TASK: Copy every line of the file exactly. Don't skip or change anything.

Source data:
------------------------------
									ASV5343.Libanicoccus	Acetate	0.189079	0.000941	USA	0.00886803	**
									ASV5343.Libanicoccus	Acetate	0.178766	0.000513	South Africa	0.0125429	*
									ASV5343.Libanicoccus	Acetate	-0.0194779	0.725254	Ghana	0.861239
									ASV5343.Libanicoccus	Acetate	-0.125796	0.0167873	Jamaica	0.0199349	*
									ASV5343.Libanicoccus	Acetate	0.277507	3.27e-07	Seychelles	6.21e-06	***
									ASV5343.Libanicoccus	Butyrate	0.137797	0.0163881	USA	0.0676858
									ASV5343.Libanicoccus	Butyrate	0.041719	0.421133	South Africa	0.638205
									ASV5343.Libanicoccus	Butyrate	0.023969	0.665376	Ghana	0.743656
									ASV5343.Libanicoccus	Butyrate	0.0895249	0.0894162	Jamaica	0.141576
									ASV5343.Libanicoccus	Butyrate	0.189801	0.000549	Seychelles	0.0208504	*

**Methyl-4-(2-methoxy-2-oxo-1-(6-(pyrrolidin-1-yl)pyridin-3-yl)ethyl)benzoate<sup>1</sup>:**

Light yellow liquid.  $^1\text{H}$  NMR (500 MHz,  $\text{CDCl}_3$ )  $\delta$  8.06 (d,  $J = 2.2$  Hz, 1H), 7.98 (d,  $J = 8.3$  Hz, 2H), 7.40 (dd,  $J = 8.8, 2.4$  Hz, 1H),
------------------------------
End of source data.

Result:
									ASV5343.Libanicoccus	Acetate	0.189079	0.000941	USA	0.00886803	**
									ASV5343.Libanicoccus	Acetate	0.178766	0.000513	South Africa	0.0125429	*
									ASV5343.Libanicoccus	Acetate	-0.0194779	0.725254	Ghana	0.861239
									ASV5343.Libanicoccus	Acetate	-0.125796	0.0167873	Jamaica	0.0199349	*
									ASV5343.Libanicoccus	Acetate	0.277507	3.27e-07	Seychelles	6.21e-06	***
									ASV5343.Libanicoccus	Butyrate	0.137797	0.0163881	USA	0.0676858
									ASV5343.Libanicoccus	Butyrate	0.041719	0.421133	South Africa	0.638205
									ASV5343.Libanicoccus	Butyrate	0.023969	0.665376	Ghana	0.743656
									ASV5343.Libanicoccus	Butyrate	0.0895249	0.0894162	Jamaica	0.141576
									ASV5343.Libanicoccus	Butyrate	0.189801	0.000549	Seychelles	0.0208504	*

**Methyl-4-(2-methoxy-2-oxo-1-(6-(pyrrolidin-1-yl)pyridin-3-yl)ethyl)benzoate<sup>1</sup>:**

Light yellow liquid.  $^1\text{H}$  NMR (500 MHz,  $\text{CDCl}_3$ )  $\delta$  8.06 (d,  $J = 2.2$  Hz, 1H), 7.98 (d,  $J = 8.3$  Hz, 2H), 7.40 (dd,  $J = 8.8, 2.4$  Hz, 1H),